His ticket to performing in Calhoun began with an introduction to Donald and Joyce Hopper at a Fairmount benefit less than a year ago. The couple has since become close friends with Burgess, who deeply appreciates their friendship and kindness.
“They are the kind of people I want to be around. They’ve helped me so much and we will always be dear friends,” he said.
Donald Hopper smiled as he told the story of the introduction between himself and Burgess.
“My wife and I were at the benefit and we spotted Burgess, and I whispered to her that he’d make a good Elvis,” he said. “Shortly after, I was told that Burgess was indeed performing later at the event. I’m a big Elvis fan, so we stayed to watch his performance, and afterwards I got to talk to him.”
Burgess quickly asked Hopper what he thought of the show, and Hopper had only encouraging words for him.
“I then brought up the city of Calhoun and asked if he had ever performed there. He denied, but said he was interested,” Hopper said, “I then began to pull some strings for him.”
Since then, Hopper has become Burgess’ No. 1 fan, and plans to help his on his way to success.
“Greg’s got what it takes,” Hopper said. “He can keep going.”
Burgess’ road to Elvis reenactments began after numerous people told him he had similar features to the superstar. He then began listening to Elvis’ songs, downloading the lyrics and singing the music.
His first performance earned him more than 90 audience members in Cherokee County, and he was shocked at the number.
“There are this many people and I’m just getting started? Wow,” he recalls thinking.
He then decided to continue with the project.
Since then, Burgess has performed at community clubs, churches, birthday parties, a car show and nursing homes. Just this year, he has performed on six occasions and there are more to come.
In the beginning of June, Burgess and the Hoppers traveled to Tupelo, Miss., to enter the performer in the Tupelo Elvis Festival, a nation-wide competition. After the competition was narrowed to 40 performers, Burgess placed in the top 20. He knew the contest would be fierce.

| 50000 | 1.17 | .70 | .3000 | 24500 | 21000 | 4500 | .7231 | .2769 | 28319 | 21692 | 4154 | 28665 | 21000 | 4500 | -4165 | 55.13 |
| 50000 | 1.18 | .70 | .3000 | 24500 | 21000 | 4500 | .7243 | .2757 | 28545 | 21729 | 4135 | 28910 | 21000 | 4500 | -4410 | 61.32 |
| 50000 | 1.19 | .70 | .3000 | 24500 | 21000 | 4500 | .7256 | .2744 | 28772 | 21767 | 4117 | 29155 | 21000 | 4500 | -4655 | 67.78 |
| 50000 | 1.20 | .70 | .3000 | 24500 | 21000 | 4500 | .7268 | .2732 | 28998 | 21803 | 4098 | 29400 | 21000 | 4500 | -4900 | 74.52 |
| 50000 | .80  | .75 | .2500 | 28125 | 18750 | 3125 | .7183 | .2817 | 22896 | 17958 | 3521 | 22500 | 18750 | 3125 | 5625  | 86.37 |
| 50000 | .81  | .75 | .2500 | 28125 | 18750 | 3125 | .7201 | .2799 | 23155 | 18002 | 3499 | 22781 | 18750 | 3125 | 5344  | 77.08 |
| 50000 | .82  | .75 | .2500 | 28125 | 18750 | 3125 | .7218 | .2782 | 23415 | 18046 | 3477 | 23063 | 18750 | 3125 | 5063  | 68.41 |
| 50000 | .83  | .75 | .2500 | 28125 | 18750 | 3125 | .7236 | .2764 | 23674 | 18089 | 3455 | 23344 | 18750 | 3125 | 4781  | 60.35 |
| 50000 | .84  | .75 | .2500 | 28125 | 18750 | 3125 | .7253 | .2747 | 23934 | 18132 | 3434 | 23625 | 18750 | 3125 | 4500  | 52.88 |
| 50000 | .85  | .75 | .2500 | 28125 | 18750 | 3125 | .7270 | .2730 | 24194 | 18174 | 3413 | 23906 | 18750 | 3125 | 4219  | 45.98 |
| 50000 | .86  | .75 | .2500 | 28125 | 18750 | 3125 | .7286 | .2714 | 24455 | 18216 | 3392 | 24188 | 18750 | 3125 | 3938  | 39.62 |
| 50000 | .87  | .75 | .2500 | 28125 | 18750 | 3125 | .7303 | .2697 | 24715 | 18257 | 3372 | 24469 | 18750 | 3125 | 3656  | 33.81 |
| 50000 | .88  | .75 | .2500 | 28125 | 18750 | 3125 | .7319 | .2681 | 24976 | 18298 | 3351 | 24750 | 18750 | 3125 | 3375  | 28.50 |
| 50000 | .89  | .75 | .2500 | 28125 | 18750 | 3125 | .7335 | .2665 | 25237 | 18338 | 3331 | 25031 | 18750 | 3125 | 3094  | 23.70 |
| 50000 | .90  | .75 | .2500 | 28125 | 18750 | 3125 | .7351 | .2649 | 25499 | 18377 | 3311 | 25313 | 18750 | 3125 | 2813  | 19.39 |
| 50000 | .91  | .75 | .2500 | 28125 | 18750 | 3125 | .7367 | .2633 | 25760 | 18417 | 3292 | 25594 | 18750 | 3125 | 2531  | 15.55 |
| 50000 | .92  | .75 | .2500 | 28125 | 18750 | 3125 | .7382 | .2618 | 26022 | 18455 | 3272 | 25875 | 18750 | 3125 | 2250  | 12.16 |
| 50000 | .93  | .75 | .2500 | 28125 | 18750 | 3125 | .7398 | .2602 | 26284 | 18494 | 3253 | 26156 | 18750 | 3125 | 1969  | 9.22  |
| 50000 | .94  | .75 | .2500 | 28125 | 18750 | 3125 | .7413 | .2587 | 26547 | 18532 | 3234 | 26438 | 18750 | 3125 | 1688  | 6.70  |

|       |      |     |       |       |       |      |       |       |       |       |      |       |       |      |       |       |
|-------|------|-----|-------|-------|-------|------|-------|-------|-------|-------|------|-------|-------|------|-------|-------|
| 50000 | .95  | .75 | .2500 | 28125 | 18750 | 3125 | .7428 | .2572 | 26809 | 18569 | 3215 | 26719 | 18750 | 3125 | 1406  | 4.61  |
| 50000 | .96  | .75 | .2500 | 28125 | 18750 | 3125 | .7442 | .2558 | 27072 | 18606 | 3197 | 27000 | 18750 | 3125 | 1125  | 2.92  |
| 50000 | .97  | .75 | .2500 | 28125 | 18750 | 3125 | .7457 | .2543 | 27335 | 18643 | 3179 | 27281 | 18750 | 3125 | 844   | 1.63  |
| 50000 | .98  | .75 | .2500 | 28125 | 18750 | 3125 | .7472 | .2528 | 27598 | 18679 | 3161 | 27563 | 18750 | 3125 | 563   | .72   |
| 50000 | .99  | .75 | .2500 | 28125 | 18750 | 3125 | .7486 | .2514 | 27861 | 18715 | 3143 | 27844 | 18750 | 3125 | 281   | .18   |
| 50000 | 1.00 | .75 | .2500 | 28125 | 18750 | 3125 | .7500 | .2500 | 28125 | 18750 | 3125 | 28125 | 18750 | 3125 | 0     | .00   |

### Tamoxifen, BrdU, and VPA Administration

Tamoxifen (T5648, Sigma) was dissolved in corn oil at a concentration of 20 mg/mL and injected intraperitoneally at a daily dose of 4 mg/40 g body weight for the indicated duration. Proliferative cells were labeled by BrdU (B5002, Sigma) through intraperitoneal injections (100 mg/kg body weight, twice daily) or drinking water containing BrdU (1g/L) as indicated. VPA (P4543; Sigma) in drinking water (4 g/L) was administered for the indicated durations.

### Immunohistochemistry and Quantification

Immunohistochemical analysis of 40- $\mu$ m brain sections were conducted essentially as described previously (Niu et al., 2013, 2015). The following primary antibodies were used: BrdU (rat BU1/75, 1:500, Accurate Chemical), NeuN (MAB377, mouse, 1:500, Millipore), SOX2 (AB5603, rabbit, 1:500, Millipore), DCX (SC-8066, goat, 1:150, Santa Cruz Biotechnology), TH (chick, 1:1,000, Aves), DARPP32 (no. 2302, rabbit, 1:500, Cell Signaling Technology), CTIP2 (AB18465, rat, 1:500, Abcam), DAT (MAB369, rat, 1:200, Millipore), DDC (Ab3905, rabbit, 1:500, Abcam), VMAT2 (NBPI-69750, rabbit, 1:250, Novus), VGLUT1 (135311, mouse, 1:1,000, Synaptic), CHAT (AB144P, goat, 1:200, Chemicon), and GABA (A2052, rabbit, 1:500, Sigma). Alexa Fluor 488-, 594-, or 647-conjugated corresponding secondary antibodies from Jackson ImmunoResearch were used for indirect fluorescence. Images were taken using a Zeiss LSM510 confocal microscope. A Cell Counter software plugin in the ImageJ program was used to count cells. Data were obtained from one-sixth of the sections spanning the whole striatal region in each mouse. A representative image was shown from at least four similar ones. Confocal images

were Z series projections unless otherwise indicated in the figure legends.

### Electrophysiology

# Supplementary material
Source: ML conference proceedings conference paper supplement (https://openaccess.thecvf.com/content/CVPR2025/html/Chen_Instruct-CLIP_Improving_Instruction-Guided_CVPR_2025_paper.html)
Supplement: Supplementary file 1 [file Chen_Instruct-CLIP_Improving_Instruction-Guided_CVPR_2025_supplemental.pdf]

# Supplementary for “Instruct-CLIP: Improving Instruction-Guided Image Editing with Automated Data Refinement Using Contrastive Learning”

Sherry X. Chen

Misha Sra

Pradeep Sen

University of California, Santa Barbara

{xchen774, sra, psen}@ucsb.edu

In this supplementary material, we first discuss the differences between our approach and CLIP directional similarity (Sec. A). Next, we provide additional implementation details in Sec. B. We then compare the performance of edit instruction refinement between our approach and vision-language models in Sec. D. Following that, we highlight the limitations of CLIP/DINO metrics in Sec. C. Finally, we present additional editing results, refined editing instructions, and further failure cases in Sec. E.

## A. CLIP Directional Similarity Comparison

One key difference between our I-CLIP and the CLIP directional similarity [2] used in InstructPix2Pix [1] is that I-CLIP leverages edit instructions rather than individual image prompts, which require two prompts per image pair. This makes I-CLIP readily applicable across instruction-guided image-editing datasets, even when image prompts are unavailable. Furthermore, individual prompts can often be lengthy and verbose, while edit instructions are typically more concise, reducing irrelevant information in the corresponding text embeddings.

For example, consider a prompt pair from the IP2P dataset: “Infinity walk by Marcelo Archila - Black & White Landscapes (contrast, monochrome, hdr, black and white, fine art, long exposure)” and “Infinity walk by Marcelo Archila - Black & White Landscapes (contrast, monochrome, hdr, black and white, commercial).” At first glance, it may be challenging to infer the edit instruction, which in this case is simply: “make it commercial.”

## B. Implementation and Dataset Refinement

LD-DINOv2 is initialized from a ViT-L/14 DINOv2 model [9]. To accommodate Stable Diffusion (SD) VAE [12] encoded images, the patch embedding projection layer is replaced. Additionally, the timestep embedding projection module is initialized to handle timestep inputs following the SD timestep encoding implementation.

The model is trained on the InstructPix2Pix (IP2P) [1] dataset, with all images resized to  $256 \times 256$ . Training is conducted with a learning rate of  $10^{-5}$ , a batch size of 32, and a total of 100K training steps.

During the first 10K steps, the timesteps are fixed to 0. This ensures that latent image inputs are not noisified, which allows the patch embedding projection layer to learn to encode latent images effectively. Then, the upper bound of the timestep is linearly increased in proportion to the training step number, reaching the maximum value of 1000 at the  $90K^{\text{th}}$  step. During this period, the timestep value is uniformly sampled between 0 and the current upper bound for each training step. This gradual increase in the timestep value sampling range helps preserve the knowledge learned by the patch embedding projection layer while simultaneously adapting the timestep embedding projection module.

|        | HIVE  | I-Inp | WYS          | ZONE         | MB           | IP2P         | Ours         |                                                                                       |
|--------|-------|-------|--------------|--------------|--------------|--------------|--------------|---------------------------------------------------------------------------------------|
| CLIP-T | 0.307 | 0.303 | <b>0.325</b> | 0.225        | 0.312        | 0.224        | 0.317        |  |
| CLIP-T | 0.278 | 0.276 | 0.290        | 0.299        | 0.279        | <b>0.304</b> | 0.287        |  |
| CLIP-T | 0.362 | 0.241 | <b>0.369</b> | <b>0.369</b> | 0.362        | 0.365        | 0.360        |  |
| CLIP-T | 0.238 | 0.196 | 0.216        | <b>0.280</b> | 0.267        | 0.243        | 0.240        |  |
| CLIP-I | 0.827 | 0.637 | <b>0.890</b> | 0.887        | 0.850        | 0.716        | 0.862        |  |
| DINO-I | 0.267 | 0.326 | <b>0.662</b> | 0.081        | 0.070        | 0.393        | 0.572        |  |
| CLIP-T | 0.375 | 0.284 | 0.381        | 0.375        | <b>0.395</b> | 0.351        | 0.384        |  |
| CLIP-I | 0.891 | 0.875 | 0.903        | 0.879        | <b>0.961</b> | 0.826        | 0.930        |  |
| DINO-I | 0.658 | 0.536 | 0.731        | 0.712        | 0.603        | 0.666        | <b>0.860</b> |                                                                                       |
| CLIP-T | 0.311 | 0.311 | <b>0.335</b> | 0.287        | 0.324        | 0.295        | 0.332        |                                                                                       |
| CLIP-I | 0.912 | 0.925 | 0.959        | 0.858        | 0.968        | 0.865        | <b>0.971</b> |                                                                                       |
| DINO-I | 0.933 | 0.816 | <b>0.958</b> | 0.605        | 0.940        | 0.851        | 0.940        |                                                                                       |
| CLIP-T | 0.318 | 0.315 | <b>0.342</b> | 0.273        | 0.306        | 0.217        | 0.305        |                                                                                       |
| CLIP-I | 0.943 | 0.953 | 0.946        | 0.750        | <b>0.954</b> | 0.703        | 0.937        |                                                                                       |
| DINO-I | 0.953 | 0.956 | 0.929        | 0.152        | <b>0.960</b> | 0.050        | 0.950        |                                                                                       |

“This is the competition that everyone wants to win,” he said.
Out of all Burgess’ performances, the Tupelo festival was the largest with about 500 attendees, and it was his first major competition.
His picture and a small write-up were even featured in the Tupelo Sunday Journal after the festival.
When he is not spending time with his 17-year-old daughter or working his day job shoeing horses — he has been a certified journeyman farrier through the American Farrier Association for 25 years — Burgess dedicates approximately seven hours every week to practicing and rehearsing.
“He is the real deal. His hair and beard are real compared to others who use wigs or attachments,” said Hopper, who is currently trying to land Burgess a gig at the Harris Arts Center in Calhoun sometime in the fall after his August show at Oostanaula Community Club on Aug. 21.
Burgess has Elvis-style black and white suits; while the black suit was made for him, he purchased the white suit online. He has also had shirts and scarves made for him.
Burgess might be a rookie to performing, but that fact is not apparent during his shows. He has never had a problem being on stage, he said.
His ultimate goal would be to make it to Memphis, he said.
If a contestant wins a supporting competition in Alabama, Florida, etc., they then move forward to the Ultimate Elvis Tribute Artist Contest in Memphis, which grants the winner $25,000.